What is Synthetic Cannabis/Synthetic Marijuana/Spice?
Synthetic Cannabis or Synthetic Marijuana refers to man-made substances that mimic the THC-effects of marijuana, but may or may not actually contain THC or cannabinoids. These products are often commercially produced and sold, and brand names include Spice, Kronic, Blue Lotus, Northern Lights, Mojo, K2, Bliss, Scooby Snax, Cowboy Kush, Godfather, Lightening Red, Lightening Gold, and other more general terms including aphrodisiac tea, herbal incense, and potpourri.
Synthetic Cannabis / Spice may or may not actually contain actual THC or cannabis. These substances are marketed as “not intended for human consumption” and therefore are not subject to regulation. Consequently, these substances frequently are comprised of chemicals and additives that have serious health risks for humans.
Is Synthetic Cannabis/Spice legal?
Spice is sold legally with packaging that states “not intended for human use”, and other such directives. They are illegal for human use due to their similarities to illegal substances; they are legal for the supposed non-ingestion purposes for which they are frequently advertised. Legal entities have successfully prosecuted manufacturers and sellers of these products due to their similarities to illegal substances.
Who uses Spice?
Synthetic Cannabis products are typically less expensive than other substances and often easily purchased online or even in some stores. They are widely available to the population at large. Persons with fewer financial resources may be more likely to use these substances due to their relatively low cost compared to other substances.
Health Risks, Side-Effects, and Addiction Issues of Synthetic Cannabis
The health risks and side-effects of these substances are very serious. There is no safe way to take these substances. Due to the complete lack of consistency, regulation, or oversight in their production, and producers ongoing attempts to vary the drugs’ chemical composition enough to dodge legal liability for imitating illegal substances, it is impossible for anyone to determine the chemical composition of the substances. Composition may also vary even within the same “substance,” so there is no way to predict when an individual will experience severe negative consequences from using even if they have not had severe consequences previously.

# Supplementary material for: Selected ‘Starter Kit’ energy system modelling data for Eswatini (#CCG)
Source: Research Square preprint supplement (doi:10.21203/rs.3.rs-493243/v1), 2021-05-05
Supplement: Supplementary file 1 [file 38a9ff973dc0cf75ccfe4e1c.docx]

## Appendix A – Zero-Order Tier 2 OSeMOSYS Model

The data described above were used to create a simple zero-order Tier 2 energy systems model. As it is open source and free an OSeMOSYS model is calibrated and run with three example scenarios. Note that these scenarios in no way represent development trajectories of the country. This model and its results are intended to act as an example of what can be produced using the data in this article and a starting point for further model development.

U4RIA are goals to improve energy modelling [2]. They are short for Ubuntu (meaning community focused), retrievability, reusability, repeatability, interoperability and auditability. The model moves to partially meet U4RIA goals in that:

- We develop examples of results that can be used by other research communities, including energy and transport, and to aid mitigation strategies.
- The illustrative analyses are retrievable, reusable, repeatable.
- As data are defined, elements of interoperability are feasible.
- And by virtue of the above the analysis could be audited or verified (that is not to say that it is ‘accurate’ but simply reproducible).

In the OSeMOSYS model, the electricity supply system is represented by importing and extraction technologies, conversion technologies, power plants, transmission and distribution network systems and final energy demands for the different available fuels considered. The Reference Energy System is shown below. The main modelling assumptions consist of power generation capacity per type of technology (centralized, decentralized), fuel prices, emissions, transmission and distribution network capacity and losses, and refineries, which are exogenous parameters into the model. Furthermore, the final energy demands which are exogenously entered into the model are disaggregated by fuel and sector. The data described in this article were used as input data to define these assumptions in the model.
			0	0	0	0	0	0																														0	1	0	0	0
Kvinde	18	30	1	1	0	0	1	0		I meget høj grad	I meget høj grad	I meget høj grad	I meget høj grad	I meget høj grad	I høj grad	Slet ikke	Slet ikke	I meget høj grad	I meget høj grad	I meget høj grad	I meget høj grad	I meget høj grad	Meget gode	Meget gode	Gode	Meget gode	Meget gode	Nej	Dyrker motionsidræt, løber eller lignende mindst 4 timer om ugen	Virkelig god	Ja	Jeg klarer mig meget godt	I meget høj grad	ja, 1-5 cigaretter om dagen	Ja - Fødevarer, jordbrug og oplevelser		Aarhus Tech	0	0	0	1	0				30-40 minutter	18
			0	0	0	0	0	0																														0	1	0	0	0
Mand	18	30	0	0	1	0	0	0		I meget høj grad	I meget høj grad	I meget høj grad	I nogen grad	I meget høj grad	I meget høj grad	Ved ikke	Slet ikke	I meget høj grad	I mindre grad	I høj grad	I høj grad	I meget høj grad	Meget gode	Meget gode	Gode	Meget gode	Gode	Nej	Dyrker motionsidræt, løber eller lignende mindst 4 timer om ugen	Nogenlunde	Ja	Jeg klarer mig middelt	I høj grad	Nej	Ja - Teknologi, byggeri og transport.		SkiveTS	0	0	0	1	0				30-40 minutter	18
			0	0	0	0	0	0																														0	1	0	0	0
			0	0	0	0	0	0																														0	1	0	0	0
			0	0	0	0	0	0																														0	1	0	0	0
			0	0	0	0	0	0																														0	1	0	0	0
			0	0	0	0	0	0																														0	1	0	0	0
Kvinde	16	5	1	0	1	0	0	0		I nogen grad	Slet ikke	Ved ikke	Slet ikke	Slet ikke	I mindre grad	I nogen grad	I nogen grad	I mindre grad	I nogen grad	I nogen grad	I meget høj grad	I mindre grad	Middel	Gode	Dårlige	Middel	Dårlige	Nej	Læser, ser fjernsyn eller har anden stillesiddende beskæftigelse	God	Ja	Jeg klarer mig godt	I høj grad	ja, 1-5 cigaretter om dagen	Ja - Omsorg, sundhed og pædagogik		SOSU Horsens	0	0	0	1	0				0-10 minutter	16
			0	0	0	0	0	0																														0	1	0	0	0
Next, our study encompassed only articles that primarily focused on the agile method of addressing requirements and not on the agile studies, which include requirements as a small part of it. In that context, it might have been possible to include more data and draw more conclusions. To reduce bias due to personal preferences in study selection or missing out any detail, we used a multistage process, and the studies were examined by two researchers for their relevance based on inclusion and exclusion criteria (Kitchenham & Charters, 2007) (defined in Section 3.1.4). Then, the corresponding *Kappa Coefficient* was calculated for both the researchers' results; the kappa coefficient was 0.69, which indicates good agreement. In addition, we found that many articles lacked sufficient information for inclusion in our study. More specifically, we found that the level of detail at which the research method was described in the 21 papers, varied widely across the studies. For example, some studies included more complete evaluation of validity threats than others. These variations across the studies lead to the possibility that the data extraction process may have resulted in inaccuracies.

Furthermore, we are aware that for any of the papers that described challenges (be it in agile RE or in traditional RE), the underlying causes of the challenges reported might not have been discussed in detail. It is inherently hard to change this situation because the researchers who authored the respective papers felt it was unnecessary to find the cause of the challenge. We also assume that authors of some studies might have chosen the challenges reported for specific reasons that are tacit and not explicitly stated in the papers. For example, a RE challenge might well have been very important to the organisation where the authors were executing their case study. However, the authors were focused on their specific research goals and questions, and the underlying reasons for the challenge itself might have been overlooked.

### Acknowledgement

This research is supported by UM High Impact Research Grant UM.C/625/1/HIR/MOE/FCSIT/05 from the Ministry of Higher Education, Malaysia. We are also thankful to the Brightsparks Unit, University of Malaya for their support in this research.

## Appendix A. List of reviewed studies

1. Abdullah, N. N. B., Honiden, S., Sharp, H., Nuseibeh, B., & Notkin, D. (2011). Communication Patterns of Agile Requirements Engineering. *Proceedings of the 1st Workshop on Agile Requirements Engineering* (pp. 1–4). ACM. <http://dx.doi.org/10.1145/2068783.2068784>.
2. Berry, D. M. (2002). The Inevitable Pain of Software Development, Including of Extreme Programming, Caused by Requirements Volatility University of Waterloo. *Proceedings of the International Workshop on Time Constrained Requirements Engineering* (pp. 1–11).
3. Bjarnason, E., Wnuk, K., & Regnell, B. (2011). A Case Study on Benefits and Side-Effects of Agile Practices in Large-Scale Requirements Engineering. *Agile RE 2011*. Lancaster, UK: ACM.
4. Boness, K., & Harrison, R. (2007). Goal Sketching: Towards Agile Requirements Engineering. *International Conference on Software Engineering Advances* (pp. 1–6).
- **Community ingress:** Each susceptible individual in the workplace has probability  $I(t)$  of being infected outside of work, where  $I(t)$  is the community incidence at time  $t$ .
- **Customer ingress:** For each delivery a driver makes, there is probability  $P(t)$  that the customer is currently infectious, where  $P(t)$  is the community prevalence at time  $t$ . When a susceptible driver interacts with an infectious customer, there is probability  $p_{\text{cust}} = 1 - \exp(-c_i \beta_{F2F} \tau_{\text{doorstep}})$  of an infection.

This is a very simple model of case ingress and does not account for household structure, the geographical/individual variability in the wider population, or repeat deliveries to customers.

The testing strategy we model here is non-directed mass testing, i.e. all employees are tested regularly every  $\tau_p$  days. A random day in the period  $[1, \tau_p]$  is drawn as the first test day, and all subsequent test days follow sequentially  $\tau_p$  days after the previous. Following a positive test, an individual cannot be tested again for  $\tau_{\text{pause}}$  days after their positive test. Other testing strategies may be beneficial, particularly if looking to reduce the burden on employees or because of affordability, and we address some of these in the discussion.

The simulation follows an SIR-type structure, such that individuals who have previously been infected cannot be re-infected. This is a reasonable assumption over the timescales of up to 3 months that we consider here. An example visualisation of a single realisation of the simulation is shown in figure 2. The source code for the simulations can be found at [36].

Side-effects of synthetic cannabis can include: stroke, seizure, vomiting, chest pain, kidney damage, psychosis, agitation, paranoia, aggressive or violent behavior, cardiac disturbance, racing thoughts, and death. Severely impaired thinking, problem solving, and other cognitive abilities, and severe changes in mood and personality are also common side effects.
Withdrawal Symptoms of Synthetic Cannabis and Spice Abuse
Withdrawal symptoms of Synthetic Cannabis and Spice use and abuse may be similar to those of cannabis withdrawal. However, since these substances often contain little or no THC, and may contain large concentration of unknown and toxic chemical, side effects may be significantly more severe and lasting than those of cannabis. Insomnia, panic, agitation, irritability, mood swings, paranoia, and cardiac disturbance are all common withdrawal symptoms of synthetic downer abuse.
Where to find help for Synthetic Cannabis & Spice Addiction
There is very little information available in scientific/medical literature about treatment for persons who abuse or are dependent upon designer drugs or new psychoactive substances. Treating these is difficult because we don’t know what exactly the patient has taken, so the symptoms are usually treated. Fortunately we have a lot of experience of helping patients through the detoxification process at Castle Craig Hospital, and we provide 24/7 medical coverage and all the support they need.
As well as detox, psychological therapies e.g. cognitive behavioural therapy, EMDR, group therapy and one-on-one therapy, are offered to patients at Castle Craig. The key is to help the person understand how the abuse started, and what can be done in the future to keep the habits from returning (relapse prevention and coping skills). Counselling plays a key role in this process, as do support group meetings.